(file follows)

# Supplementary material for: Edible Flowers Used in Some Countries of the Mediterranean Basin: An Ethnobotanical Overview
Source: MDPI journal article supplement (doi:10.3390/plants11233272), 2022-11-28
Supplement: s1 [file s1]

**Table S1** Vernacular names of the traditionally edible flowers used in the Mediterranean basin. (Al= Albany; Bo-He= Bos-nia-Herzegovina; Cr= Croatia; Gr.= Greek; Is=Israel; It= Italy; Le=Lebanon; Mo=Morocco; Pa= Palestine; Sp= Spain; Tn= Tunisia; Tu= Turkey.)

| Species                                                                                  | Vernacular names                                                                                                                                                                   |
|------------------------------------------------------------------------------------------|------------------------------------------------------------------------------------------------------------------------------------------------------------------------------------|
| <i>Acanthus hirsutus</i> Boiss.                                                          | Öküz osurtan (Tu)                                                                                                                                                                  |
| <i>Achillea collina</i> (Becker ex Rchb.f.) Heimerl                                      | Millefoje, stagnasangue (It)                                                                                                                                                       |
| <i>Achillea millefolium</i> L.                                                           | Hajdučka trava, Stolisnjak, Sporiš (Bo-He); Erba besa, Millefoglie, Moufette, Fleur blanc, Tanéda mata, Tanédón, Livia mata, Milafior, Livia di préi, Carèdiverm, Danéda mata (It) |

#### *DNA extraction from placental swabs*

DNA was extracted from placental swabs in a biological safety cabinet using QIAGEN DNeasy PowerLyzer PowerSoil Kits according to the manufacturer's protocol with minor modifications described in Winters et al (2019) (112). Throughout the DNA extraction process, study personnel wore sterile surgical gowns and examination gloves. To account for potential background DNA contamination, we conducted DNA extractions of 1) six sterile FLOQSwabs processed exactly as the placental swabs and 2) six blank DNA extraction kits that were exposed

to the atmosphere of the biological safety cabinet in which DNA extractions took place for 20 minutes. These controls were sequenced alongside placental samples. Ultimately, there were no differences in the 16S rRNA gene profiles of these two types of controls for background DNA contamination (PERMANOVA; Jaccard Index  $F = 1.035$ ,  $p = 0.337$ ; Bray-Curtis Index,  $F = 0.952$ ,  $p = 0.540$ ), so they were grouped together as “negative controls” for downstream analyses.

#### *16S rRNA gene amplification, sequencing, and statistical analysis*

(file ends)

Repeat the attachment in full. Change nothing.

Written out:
# Supplementary material for: Edible Flowers Used in Some Countries of the Mediterranean Basin: An Ethnobotanical Overview
Source: MDPI journal article supplement (doi:10.3390/plants11233272), 2022-11-28
Supplement: s1 [file s1]

**Table S1** Vernacular names of the traditionally edible flowers used in the Mediterranean basin. (Al= Albany; Bo-He= Bos-nia-Herzegovina; Cr= Croatia; Gr.= Greek; Is=Israel; It= Italy; Le=Lebanon; Mo=Morocco; Pa= Palestine; Sp= Spain; Tn= Tunisia; Tu= Turkey.)

| Species                                                                                  | Vernacular names                                                                                                                                                                   |
|------------------------------------------------------------------------------------------|------------------------------------------------------------------------------------------------------------------------------------------------------------------------------------|
| <i>Acanthus hirsutus</i> Boiss.                                                          | Öküz osurtan (Tu)                                                                                                                                                                  |
| <i>Achillea collina</i> (Becker ex Rchb.f.) Heimerl                                      | Millefoje, stagnasangue (It)                                                                                                                                                       |
| <i>Achillea millefolium</i> L.                                                           | Hajdučka trava, Stolisnjak, Sporiš (Bo-He); Erba besa, Millefoglie, Moufette, Fleur blanc, Tanéda mata, Tanédón, Livia mata, Milafior, Livia di préi, Carèdiverm, Danéda mata (It) |

#### *DNA extraction from placental swabs*

DNA was extracted from placental swabs in a biological safety cabinet using QIAGEN DNeasy PowerLyzer PowerSoil Kits according to the manufacturer's protocol with minor modifications described in Winters et al (2019) (112). Throughout the DNA extraction process, study personnel wore sterile surgical gowns and examination gloves. To account for potential background DNA contamination, we conducted DNA extractions of 1) six sterile FLOQSwabs processed exactly as the placental swabs and 2) six blank DNA extraction kits that were exposed

to the atmosphere of the biological safety cabinet in which DNA extractions took place for 20 minutes. These controls were sequenced alongside placental samples. Ultimately, there were no differences in the 16S rRNA gene profiles of these two types of controls for background DNA contamination (PERMANOVA; Jaccard Index  $F = 1.035$ ,  $p = 0.337$ ; Bray-Curtis Index,  $F = 0.952$ ,  $p = 0.540$ ), so they were grouped together as “negative controls” for downstream analyses.

#### *16S rRNA gene amplification, sequencing, and statistical analysis*